Sector News

Gaming Your Way To Better Problem-Solving At Work

September 15, 2014
Borderless Leadership

Puzzle nerd Heidi Williams of Box shares her favorite tools (all of them fun) for keeping her skills sharp.

Heidi Williams has had an affinity for puzzles since she was a kid. Now, as the senior director of platform engineering at Box, she’s somewhat of a professional puzzle solver, helping developers figure out ways to take advantage of Box’s API.

To keep her skills sharp at work, she still puzzles in her free time. “I’m into all of the typical games,” she told Fast Company. “Tetris, Sudoku, and stuff like that.” Since having kids, however, she spends many nights playing Quarto, a wooden puzzle game made by French game creator Gigamic. “My 8-year-old is amazingly good. She absolutely beats me,” says Williams. “I don’t believe in letting her win just to win.”

Invented by a Swiss mathematician, Quarto is played on a 4×4 board. Players choose from among 16 different game pieces, each of which is either tall or short, dark or light, square or circular, and hollow top or solid top. The first person to get four with matching attributes across a row wins. “You constantly have to be looking at it from different perspectives,” Williams said.

It’s that quality that keeps Williams gaming. “Just being able to see something from someone else’s perspective, looking at a problem in a new way, thinking outside the box–is there something I’m not seeing?” she said. “I feel like software is like that.”

The research is still out on whether “brain training” games actually work. The studies have shown that playing games only makes people better at those tasks. Arguably, complex problem solving games are akin to making algorithms.

As a software person, Williams insists that it keeps her programming skills fresh. “You can’t just believe the constraints you’ve been given,” she says. “I think software is all about that.”

Any programmer understands the link between puzzles and algorithms. When hiring, tech companies often ask prospective hires to solve a series of riddles and games. In fact, Williams knew that her mind was suited to computer science by identifying her puzzling talents. “If you follow the things that you’re naturally good at, you’ll always be happier in your work life,” she said.

Puzzles can also help non-programming types who want to strengthen problem-solving skills. In addition to Quarto, she recommends Katamino and Quoridor, also wooden games produced by Gigamic. Katamino is a sort of IRL Tetris, and Quoridor is an abstract strategy game involving pawns.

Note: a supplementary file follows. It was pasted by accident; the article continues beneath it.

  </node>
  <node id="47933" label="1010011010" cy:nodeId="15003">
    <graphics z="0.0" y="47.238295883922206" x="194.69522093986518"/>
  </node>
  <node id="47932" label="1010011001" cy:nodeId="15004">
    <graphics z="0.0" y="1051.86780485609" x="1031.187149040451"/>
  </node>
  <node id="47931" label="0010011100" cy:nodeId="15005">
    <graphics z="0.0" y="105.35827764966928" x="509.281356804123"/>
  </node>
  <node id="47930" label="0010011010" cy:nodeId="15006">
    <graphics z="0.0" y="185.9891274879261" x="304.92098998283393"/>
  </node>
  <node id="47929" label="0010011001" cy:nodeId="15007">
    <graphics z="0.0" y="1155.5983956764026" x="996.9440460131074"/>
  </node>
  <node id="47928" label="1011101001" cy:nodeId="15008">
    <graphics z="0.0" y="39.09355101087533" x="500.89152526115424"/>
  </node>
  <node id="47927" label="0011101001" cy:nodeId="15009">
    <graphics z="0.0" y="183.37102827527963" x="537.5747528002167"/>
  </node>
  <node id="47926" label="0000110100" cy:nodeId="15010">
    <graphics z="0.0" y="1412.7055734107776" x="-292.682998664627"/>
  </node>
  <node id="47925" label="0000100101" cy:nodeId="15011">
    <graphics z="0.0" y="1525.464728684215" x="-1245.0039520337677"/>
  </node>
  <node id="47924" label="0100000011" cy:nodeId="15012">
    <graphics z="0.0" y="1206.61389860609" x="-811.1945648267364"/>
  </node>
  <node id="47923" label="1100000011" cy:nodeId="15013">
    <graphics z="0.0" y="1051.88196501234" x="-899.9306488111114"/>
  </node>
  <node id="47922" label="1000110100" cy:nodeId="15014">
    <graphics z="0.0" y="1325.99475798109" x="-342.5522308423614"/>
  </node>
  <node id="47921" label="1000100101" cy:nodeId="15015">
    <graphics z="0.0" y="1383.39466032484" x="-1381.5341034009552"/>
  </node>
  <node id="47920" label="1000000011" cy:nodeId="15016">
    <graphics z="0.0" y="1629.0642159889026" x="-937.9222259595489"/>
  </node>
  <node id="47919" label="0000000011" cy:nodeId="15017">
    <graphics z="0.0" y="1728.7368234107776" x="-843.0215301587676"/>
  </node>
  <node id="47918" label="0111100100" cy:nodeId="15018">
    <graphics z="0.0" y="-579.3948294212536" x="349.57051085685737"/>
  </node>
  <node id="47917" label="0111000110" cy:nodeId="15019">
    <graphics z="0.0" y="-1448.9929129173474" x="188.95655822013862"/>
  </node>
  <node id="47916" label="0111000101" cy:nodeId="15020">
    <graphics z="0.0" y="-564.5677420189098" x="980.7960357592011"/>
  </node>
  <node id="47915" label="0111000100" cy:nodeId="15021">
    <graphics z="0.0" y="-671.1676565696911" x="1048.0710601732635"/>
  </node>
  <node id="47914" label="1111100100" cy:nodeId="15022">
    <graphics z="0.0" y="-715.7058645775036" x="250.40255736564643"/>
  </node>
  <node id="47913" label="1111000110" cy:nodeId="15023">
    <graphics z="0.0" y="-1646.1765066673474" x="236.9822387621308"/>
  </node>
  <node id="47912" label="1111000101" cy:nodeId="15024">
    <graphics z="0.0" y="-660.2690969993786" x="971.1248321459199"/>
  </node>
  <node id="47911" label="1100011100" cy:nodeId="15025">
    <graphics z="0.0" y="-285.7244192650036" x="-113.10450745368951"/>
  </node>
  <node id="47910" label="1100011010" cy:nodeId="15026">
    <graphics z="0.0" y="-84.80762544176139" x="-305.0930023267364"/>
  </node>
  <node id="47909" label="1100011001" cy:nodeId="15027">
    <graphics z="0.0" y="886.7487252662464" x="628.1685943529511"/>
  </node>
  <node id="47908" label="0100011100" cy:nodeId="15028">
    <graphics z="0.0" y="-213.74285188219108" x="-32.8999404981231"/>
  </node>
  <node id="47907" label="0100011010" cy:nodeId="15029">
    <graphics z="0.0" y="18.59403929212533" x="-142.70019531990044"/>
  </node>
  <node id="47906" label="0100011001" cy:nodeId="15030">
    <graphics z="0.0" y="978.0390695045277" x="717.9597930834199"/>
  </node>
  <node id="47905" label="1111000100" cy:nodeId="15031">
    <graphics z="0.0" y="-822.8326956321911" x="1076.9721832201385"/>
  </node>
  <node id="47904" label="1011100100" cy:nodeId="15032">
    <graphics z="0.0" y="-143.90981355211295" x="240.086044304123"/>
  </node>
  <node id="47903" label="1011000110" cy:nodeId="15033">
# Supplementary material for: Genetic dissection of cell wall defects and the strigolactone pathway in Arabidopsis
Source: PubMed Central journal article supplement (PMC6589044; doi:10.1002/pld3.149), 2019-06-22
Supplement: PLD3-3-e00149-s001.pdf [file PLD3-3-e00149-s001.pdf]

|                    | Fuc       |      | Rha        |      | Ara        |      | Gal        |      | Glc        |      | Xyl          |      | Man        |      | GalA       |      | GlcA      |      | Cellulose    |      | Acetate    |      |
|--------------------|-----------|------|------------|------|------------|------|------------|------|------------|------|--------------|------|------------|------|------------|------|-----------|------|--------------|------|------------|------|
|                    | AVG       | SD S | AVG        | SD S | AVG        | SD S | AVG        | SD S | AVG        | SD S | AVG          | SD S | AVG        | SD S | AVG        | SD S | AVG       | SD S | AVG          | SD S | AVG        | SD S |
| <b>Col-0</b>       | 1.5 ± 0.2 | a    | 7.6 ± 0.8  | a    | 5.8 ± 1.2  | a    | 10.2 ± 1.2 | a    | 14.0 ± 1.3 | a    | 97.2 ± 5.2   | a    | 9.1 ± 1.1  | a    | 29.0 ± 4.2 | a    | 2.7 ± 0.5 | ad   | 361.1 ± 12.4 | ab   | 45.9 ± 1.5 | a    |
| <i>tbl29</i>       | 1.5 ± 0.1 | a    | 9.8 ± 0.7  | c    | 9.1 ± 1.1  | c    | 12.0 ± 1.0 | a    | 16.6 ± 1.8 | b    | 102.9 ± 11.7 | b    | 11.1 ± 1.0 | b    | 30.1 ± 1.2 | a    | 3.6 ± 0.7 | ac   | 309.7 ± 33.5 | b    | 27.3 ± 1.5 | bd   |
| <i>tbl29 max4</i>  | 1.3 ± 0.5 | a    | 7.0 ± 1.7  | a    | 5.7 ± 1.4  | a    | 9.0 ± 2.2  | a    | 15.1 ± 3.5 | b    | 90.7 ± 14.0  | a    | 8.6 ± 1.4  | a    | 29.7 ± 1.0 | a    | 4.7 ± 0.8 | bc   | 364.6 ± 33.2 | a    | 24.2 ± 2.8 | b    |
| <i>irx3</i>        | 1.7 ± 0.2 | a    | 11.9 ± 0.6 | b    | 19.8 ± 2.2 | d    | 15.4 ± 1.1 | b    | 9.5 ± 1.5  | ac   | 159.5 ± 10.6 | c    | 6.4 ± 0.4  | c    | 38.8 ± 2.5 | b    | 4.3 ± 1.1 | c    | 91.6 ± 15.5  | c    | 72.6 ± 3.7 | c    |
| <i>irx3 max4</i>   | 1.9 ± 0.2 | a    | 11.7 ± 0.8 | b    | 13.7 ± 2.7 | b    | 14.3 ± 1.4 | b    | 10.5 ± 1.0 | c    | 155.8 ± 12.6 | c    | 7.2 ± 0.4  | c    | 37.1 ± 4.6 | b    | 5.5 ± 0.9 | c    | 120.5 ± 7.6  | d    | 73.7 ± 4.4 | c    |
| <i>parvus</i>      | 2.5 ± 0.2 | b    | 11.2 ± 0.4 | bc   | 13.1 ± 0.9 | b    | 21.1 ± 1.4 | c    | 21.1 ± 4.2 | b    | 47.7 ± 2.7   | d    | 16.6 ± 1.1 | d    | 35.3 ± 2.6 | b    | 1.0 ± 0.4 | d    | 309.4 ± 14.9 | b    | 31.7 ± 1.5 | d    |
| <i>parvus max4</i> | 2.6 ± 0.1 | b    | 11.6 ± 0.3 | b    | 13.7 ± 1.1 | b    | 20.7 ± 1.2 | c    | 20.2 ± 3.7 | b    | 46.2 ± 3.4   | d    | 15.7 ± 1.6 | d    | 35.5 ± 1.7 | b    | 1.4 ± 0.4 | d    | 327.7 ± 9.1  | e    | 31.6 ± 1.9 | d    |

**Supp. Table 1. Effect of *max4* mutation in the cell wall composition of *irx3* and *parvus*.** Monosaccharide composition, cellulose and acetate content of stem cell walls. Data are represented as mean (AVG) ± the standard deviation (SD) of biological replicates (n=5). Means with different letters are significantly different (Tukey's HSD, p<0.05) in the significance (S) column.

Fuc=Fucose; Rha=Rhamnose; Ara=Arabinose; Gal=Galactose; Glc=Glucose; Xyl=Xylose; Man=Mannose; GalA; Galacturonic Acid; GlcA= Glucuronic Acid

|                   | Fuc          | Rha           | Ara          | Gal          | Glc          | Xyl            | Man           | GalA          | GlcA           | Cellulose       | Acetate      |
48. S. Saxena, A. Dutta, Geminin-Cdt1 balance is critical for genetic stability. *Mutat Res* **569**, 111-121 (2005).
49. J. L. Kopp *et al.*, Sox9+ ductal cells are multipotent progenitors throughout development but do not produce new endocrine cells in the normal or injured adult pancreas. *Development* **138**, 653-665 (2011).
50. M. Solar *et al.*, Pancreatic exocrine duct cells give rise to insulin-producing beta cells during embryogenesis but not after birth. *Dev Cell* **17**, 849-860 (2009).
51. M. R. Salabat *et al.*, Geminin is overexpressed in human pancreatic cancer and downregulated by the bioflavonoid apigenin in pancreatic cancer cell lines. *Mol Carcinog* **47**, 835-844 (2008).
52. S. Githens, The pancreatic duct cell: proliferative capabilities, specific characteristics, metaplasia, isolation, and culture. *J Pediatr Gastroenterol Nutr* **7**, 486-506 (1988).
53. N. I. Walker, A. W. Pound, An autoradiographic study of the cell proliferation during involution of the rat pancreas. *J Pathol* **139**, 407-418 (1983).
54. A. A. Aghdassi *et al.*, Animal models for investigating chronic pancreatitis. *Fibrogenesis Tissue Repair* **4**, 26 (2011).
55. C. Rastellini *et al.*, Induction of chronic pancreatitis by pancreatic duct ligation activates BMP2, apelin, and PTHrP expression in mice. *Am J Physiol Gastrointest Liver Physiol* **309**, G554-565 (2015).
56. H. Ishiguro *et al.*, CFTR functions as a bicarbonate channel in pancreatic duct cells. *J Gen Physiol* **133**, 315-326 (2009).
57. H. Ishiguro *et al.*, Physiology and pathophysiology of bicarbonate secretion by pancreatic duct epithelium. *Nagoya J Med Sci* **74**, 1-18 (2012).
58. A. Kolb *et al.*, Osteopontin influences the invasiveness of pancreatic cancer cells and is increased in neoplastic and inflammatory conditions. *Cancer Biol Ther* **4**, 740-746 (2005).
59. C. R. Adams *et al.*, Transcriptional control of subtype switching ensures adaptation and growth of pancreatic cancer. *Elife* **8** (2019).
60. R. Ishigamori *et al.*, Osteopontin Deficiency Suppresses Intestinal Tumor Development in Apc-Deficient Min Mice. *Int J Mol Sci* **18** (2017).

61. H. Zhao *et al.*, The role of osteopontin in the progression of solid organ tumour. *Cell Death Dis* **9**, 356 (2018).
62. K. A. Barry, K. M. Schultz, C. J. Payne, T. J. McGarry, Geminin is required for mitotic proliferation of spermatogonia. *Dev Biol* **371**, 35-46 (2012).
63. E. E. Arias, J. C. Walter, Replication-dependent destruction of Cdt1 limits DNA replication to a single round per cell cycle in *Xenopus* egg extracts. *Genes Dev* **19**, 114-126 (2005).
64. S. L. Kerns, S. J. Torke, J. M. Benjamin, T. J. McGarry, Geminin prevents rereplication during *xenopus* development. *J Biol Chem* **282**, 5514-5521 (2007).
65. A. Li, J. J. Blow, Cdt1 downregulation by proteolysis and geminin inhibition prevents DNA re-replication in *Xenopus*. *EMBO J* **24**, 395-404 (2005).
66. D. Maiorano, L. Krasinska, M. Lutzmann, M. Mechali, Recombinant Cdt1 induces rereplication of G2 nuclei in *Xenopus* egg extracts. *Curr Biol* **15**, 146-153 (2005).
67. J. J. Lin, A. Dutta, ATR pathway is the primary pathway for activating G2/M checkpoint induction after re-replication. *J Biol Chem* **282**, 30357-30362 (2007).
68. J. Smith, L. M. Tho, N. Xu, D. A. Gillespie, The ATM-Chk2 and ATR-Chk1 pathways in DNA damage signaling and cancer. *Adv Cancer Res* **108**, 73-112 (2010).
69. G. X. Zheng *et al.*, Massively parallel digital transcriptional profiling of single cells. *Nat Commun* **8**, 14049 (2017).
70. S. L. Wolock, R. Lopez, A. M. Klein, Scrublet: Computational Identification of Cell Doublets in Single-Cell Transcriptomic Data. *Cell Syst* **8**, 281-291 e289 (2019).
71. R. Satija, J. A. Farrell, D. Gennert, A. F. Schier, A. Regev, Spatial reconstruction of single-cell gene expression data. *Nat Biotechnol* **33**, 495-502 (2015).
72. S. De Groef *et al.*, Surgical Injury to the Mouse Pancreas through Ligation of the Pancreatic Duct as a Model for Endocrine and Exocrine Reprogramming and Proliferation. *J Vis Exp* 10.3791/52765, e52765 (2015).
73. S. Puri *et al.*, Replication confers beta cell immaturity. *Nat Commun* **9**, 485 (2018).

However, for best results, she suggests playing with kids. “I love watching their creativity. As you grow up, you figure out what the boundaries of life are,” she says. “That’s one of the things that has inspired me–engaging with them.”

By Rebecca Greenfield

Source: Fast Company

comments closed

Related News

October 17, 2021

Scaling AI like a tech native: The CEO’s role

Borderless Leadership

What if a company built each component of its product from scratch with every order, without any standardized or consistent parts, processes, and quality-assurance protocols? Chances are that any CEO would view such an approach as a major red flag preventing economies of scale and introducing unacceptable levels of risk—and would seek to address it immediately. Yet every day this is how many organizations approach the development and management of artificial intelligence (AI) and analytics in general.

October 10, 2021

How business leaders can reduce polarization

Borderless Leadership

Rising polarization is unlikely to disappear anytime soon, and it can have severe ramifications for businesses, whether they take a public stance or not. However, by taking a selective and strategic approach, CEOs can reduce the harm of polarization first within their own companies.

October 3, 2021

With so many people quitting, don’t overlook those who stay

Borderless Leadership

The marketplace for talent has shifted. You need to think of your employees like customers and put thoughtful attention into retaining them. This is the first step to slow attrition and regain your growth curve. And this does not happen when they feel ignored in the fever to hire new people or underappreciated for the effort they make to keep business moving forward. They need to be seen for who they are and what they are contributing, and leadership needs to ensure this is happening. The authors offer four steps for leaders to take.

Send this to a friend